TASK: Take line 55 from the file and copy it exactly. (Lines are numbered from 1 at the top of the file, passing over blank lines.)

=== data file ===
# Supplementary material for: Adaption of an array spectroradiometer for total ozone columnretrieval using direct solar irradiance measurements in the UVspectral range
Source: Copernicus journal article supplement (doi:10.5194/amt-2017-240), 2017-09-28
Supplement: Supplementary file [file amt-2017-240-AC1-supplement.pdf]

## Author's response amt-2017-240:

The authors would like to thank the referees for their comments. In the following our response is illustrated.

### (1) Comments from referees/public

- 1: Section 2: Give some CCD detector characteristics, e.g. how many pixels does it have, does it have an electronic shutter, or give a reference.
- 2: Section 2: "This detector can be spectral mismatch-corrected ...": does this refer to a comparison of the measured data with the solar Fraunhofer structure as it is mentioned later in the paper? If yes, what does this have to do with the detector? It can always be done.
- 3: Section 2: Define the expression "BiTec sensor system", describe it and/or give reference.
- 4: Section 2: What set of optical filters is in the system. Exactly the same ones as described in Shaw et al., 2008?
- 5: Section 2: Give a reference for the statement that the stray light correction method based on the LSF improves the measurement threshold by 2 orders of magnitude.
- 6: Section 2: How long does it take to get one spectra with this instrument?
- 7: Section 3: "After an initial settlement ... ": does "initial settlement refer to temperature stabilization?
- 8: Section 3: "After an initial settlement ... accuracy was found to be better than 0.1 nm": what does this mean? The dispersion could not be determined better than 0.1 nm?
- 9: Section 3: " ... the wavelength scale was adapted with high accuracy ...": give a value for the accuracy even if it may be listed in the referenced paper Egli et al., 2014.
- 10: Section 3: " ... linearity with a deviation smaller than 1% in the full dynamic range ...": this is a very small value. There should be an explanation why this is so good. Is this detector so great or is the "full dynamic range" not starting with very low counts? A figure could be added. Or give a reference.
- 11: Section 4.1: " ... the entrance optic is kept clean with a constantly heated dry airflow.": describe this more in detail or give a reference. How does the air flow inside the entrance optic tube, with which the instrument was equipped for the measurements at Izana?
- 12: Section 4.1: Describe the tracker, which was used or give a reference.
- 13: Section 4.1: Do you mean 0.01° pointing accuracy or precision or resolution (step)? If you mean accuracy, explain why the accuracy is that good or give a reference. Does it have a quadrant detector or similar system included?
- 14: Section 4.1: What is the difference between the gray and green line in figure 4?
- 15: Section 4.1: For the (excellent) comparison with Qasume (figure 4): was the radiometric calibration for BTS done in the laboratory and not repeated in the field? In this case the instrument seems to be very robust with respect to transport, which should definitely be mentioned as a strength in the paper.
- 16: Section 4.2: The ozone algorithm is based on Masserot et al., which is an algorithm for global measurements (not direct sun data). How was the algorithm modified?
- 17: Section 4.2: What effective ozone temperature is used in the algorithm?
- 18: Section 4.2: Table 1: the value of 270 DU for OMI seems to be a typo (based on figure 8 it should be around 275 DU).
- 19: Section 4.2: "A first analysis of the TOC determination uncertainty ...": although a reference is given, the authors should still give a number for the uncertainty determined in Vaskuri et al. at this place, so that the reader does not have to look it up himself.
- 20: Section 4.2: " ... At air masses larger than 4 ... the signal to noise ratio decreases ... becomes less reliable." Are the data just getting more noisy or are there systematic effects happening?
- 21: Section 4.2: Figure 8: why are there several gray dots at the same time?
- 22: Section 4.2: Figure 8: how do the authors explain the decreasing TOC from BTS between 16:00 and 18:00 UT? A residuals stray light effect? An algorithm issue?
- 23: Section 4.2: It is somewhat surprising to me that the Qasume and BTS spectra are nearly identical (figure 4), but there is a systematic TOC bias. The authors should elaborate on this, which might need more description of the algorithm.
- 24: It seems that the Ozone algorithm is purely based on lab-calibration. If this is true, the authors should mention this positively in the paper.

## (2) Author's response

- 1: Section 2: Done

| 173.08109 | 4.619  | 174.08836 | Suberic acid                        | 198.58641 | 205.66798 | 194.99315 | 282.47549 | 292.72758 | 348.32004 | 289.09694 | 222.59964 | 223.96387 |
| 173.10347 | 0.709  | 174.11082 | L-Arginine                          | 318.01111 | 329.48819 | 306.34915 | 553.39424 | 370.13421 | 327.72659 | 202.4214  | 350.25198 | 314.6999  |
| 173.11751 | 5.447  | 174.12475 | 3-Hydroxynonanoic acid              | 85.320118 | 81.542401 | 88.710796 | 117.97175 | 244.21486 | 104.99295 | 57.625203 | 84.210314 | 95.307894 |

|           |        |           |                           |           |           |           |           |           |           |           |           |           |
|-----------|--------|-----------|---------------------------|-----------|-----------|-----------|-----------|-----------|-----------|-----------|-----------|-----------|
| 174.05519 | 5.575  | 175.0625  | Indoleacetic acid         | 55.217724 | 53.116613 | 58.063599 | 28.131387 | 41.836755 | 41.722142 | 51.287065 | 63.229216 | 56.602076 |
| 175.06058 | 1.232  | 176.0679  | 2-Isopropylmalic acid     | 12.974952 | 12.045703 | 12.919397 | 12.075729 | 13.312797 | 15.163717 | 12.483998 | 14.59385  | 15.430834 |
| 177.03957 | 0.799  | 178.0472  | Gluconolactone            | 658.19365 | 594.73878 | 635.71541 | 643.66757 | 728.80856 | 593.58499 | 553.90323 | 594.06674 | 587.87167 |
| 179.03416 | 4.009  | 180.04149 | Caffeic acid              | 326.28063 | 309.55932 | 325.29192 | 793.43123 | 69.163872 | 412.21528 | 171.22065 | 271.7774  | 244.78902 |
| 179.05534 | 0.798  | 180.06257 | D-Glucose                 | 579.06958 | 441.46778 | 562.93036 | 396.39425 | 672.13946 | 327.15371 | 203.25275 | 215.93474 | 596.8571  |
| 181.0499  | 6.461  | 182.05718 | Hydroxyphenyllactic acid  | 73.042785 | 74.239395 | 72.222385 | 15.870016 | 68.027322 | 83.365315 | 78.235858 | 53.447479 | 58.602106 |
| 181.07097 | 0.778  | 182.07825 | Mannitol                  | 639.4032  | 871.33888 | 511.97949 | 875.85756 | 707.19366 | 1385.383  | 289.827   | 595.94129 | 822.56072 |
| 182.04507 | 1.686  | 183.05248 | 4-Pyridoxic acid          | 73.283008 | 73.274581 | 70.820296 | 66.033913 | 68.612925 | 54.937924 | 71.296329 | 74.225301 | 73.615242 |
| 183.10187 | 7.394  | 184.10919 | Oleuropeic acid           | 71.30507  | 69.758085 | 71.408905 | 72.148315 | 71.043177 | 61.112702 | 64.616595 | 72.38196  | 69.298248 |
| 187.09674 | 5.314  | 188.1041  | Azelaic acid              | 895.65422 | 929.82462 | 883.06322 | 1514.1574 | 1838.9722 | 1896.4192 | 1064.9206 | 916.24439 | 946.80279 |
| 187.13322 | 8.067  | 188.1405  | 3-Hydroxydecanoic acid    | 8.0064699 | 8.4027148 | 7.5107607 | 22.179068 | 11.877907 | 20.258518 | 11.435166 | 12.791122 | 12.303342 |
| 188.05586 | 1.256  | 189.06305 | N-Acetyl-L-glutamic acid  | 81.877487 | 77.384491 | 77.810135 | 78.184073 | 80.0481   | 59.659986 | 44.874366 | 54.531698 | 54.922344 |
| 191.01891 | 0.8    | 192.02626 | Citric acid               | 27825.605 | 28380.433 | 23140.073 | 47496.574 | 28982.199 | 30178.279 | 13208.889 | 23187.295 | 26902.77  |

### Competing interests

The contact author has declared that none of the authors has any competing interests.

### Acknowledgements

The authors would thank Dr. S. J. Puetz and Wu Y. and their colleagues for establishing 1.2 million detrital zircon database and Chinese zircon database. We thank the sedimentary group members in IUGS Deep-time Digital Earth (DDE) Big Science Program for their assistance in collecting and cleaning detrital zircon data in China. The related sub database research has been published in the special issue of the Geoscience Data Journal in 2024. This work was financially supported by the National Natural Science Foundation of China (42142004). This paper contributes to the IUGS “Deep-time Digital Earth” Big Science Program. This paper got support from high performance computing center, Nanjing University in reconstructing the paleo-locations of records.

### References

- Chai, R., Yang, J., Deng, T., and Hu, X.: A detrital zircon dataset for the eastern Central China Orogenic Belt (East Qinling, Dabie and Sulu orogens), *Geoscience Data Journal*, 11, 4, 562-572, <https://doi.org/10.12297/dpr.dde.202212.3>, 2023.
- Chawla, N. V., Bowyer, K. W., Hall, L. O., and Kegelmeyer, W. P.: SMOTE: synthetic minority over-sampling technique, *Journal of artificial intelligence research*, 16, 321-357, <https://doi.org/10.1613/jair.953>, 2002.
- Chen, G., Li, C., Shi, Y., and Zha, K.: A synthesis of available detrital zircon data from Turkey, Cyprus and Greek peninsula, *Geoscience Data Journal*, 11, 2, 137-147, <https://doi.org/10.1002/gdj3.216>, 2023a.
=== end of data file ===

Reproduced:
### References